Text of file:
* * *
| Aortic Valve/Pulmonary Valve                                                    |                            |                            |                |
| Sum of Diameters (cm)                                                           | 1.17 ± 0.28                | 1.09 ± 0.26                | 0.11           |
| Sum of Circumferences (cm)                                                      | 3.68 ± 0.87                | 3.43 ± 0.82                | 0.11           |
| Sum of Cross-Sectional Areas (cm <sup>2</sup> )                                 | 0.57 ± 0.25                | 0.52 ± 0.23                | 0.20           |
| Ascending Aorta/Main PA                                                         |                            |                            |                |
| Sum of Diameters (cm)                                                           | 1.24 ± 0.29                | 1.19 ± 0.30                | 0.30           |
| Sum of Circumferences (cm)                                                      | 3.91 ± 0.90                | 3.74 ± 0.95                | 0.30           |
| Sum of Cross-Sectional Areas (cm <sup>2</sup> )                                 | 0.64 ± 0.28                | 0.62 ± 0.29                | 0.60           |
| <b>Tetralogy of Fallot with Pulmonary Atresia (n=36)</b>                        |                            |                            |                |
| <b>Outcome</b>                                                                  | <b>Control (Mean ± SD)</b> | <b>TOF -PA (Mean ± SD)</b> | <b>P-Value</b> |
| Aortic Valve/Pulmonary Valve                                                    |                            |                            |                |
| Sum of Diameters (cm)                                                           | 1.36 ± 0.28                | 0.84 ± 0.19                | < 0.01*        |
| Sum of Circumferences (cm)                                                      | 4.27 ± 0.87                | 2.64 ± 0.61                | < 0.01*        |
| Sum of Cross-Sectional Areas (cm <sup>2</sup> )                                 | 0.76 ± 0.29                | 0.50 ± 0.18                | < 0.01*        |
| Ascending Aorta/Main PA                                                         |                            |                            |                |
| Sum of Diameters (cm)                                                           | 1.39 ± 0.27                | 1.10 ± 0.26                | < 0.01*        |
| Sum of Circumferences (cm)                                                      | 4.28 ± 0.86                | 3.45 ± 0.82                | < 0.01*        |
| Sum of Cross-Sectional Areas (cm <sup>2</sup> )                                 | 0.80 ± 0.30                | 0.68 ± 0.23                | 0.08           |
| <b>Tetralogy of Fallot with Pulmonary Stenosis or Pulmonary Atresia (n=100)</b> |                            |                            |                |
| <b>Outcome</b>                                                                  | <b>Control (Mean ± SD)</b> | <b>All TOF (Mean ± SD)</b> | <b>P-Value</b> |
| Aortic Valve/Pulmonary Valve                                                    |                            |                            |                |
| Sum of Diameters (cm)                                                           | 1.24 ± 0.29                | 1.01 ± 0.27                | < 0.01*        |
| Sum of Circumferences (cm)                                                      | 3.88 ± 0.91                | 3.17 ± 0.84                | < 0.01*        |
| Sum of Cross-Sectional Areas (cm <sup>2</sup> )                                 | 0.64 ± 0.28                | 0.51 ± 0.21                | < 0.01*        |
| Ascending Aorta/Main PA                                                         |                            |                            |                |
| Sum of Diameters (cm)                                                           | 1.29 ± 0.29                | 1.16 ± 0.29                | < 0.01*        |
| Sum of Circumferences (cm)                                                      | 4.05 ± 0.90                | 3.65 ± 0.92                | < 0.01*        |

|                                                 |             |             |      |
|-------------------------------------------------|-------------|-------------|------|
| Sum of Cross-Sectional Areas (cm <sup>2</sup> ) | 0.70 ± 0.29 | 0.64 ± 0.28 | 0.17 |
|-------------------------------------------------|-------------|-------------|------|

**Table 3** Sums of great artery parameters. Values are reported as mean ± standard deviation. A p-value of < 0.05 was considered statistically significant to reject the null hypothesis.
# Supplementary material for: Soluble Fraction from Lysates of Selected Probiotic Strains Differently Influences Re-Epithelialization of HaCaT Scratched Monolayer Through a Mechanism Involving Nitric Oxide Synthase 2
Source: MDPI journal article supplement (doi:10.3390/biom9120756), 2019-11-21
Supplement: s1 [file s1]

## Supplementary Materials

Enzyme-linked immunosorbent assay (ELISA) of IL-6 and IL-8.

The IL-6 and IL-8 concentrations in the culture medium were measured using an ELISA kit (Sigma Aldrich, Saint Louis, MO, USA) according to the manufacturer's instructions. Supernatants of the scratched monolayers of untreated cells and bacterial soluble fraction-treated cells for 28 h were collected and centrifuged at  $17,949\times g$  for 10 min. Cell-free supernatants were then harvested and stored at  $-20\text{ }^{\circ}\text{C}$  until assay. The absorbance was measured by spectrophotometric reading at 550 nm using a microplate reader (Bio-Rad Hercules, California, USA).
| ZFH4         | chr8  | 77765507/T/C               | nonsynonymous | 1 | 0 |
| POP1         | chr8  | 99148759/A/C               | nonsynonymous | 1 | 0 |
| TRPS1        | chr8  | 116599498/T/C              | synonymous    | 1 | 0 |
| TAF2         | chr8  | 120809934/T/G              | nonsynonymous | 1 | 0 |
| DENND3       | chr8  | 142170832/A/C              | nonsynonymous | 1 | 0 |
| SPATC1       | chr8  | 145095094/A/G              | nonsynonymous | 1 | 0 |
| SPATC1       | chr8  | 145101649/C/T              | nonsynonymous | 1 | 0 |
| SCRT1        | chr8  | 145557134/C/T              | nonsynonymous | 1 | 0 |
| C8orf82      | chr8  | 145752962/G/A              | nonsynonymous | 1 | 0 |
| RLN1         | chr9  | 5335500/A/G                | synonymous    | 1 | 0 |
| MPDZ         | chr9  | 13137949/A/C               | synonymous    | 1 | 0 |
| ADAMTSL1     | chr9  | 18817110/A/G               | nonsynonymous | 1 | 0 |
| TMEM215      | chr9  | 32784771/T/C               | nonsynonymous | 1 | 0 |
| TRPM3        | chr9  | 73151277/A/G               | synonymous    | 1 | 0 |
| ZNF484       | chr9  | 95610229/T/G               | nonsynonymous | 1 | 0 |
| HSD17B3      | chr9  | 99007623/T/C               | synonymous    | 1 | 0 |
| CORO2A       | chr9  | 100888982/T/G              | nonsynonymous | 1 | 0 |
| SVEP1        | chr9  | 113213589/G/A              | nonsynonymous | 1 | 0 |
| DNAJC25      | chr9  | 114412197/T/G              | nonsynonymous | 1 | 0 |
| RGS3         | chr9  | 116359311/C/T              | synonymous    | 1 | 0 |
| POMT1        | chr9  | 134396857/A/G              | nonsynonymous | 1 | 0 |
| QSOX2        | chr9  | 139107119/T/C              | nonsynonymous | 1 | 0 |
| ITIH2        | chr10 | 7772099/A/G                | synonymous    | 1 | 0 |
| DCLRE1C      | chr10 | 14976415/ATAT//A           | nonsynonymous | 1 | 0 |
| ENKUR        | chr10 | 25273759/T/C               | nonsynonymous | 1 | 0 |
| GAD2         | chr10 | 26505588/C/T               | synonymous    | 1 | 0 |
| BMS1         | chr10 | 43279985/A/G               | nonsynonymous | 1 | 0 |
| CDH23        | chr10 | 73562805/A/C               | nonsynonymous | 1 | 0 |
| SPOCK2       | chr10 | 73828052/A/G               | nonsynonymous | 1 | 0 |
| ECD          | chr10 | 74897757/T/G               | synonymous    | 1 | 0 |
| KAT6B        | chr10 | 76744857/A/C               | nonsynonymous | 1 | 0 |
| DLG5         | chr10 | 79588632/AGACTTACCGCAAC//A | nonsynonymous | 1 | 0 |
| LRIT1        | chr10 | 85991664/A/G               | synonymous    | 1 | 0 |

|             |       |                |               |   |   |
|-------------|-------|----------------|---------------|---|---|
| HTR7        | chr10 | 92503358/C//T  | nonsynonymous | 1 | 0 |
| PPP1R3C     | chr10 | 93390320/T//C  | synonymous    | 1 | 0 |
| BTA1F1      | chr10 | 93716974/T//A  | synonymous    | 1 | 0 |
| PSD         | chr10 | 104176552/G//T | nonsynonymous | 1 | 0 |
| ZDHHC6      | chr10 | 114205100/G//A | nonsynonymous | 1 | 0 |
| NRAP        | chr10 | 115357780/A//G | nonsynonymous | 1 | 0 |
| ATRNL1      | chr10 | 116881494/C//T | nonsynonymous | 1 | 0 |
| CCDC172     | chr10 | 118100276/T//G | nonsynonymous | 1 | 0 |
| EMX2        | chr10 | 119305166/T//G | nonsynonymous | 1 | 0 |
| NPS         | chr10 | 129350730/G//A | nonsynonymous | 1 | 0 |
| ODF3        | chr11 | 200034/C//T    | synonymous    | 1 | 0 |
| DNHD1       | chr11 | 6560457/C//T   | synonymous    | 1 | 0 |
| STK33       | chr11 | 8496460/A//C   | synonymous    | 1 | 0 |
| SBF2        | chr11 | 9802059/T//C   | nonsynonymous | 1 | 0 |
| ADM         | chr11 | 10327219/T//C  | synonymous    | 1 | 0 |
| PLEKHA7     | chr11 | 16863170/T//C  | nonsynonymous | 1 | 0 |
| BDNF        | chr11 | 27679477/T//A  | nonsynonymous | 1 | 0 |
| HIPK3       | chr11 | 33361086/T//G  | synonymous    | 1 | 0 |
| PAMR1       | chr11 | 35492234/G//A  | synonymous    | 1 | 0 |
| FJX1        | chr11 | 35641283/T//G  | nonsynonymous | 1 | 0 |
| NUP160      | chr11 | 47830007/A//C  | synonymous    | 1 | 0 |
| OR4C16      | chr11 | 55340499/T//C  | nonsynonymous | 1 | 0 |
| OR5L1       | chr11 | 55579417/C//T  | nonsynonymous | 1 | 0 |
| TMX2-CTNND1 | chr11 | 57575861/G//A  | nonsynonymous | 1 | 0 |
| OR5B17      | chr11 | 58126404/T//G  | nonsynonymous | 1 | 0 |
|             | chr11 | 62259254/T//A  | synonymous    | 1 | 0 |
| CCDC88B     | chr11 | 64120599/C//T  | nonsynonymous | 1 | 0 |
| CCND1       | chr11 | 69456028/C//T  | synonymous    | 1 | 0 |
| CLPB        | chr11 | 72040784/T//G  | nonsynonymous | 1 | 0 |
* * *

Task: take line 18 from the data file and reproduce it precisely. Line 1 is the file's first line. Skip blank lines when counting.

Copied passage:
| Sum of Cross-Sectional Areas (cm <sup>2</sup> )                                 | 0.80 ± 0.30                | 0.68 ± 0.23                | 0.08           |